After two days on Big Brother, it was time to make our way across the sea back towards Safaga. The sail back was a bit rocky. I couldn’t even leave my beer on the table because it kept falling over so I just had to drink it.
The last day diving was at Panorama reef. We were planning to dive the Salem Express but due to the mist, we were unable to. At our last dive briefing, I just happened to mention that the last dive was my 100th. The dive guide then said that the 100th is the naked dive so we all had a laugh. When I was getting on my wetsuit, very straight faced, he said to me “What do you think you are doing, it’s the naked dive!”. The last dive was very enjoyable. Towards the end of the dive I saw a large hump head wrasse. It was swimming around so gracefully seeming not to be bothered by the divers. I watched him for nearly 10 minutes before he decided he had had enough of performing and headed into the depths. Panorama reef is considered to be one of the better reefs in the Red Sea. After diving this reef, it made me realise what a really special place the Brothers Islands are.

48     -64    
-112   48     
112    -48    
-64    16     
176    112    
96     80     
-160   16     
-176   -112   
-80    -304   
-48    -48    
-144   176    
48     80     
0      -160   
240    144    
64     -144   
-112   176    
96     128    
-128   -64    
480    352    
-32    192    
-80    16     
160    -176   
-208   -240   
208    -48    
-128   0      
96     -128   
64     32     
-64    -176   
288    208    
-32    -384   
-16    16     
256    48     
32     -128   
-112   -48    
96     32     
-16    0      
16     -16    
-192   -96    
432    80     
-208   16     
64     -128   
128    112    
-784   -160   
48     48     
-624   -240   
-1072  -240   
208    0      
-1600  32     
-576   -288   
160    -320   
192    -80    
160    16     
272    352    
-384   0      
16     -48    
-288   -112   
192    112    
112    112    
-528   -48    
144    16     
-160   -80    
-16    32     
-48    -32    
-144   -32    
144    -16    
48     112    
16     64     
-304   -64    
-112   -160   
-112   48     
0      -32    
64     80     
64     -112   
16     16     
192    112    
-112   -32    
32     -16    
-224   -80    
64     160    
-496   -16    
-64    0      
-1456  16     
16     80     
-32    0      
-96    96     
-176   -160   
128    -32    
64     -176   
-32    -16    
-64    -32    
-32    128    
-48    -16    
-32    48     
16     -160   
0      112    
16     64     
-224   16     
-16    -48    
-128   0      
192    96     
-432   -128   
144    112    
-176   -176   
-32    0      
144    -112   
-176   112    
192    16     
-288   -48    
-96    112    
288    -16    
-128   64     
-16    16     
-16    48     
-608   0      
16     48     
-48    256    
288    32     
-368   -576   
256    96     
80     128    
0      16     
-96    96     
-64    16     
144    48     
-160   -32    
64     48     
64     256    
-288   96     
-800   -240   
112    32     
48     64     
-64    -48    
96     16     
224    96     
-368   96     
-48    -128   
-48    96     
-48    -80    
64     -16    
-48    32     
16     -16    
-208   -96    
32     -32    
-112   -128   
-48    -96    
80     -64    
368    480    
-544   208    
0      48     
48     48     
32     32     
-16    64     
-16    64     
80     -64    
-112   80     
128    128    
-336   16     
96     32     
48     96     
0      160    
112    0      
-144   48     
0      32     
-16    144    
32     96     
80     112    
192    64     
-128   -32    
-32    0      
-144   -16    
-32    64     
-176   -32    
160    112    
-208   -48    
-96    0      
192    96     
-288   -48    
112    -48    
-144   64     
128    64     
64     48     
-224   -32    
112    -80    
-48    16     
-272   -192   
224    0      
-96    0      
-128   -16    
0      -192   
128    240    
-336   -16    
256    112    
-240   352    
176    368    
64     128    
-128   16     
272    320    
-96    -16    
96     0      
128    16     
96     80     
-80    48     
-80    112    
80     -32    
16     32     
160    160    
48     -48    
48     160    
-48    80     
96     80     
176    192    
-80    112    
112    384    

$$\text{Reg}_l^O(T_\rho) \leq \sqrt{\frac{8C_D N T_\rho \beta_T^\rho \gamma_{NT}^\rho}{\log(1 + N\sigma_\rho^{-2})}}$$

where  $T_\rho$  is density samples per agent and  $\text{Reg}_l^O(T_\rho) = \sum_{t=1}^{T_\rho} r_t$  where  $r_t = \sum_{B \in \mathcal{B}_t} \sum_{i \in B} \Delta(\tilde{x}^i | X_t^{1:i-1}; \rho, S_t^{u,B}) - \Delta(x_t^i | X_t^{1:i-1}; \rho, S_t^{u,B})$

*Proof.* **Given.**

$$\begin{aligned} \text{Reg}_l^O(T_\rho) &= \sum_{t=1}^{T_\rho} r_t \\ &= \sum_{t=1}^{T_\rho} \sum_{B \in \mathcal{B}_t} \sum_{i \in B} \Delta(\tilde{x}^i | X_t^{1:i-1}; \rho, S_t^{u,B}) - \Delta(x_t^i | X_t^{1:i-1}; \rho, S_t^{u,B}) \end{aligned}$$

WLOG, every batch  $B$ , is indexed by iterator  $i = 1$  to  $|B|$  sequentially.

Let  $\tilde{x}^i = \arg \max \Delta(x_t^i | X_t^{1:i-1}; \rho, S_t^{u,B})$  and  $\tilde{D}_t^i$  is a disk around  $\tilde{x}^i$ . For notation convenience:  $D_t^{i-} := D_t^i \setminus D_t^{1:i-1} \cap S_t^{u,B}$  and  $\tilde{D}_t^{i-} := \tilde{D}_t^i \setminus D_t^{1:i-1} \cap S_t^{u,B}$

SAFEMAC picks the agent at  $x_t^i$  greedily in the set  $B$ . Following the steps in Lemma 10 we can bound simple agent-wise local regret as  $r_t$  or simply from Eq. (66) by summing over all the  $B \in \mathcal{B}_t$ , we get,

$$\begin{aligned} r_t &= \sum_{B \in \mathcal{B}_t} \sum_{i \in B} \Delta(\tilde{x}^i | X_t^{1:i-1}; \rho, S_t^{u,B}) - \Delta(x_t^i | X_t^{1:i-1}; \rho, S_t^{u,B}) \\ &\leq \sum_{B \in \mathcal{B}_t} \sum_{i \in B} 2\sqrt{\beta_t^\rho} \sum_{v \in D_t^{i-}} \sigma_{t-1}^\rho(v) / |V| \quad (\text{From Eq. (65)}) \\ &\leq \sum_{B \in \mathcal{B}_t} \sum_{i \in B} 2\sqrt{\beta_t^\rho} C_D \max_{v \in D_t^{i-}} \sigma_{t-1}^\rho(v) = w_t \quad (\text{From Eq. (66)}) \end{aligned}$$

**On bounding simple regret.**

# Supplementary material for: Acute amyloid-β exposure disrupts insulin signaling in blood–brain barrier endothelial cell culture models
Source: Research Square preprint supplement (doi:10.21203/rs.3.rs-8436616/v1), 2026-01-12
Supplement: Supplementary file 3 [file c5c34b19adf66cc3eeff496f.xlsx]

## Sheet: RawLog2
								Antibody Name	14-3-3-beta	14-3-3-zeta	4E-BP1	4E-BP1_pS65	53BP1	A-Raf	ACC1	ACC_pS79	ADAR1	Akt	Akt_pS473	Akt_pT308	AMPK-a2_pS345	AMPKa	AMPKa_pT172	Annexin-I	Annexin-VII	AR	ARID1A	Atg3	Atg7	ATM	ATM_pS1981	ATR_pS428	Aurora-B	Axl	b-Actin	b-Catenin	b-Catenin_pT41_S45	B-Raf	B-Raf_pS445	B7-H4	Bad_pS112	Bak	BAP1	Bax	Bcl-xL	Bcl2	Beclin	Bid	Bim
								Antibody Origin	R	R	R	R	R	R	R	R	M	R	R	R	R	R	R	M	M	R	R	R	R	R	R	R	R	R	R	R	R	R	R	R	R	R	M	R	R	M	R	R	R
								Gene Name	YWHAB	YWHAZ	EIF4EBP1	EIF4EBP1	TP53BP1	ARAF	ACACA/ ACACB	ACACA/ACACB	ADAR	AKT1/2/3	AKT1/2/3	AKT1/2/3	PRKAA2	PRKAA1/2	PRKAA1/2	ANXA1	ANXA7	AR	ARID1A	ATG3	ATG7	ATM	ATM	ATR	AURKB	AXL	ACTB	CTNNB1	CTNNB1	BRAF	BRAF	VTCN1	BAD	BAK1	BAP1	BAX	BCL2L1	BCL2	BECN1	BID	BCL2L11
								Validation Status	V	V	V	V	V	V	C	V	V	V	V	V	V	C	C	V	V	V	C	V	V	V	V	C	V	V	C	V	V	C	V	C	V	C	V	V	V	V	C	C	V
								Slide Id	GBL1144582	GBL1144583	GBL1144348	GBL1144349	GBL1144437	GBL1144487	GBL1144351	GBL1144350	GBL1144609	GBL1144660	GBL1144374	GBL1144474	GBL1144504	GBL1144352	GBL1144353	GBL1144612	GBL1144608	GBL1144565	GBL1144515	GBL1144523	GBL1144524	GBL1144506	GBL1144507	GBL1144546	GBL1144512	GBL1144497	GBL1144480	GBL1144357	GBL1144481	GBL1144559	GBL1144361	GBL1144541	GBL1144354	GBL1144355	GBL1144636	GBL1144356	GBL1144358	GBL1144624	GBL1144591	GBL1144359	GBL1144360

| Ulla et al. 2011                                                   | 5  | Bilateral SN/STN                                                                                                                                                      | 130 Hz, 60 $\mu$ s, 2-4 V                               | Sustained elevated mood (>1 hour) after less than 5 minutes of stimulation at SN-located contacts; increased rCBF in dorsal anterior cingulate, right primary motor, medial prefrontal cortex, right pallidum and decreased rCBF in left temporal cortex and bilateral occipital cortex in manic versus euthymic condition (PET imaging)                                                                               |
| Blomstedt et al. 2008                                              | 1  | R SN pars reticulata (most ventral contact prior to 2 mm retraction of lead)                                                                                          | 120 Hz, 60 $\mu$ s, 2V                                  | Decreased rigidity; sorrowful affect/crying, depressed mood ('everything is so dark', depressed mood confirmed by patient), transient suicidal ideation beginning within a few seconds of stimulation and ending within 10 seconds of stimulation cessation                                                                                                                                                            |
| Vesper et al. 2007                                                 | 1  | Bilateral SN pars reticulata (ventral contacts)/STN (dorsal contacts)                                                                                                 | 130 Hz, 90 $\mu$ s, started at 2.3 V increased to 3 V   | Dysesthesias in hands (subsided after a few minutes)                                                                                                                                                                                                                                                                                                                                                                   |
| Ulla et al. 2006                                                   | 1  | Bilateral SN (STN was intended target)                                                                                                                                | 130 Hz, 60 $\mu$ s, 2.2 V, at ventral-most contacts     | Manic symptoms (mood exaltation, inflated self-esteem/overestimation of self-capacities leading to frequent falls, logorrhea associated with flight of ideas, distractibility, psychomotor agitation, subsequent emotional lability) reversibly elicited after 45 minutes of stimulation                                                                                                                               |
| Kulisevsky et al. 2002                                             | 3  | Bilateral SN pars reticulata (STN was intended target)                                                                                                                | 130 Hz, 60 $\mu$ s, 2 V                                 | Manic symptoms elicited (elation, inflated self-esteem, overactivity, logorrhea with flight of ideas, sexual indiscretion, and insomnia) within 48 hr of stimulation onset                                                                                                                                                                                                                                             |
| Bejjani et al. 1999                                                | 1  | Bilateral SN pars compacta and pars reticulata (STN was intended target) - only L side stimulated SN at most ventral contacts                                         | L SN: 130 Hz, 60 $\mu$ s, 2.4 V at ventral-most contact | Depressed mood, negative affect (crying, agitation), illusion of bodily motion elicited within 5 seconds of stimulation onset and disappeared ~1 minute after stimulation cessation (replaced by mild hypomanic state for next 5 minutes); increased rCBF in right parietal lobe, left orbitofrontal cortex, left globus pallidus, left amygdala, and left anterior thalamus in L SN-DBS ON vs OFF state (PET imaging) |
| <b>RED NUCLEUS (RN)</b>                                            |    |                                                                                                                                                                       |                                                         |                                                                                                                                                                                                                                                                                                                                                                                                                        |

Last updated on: 31-May-2001 Copyright © 2001, 2008 Bristol Aerospace Sub-Aqua Club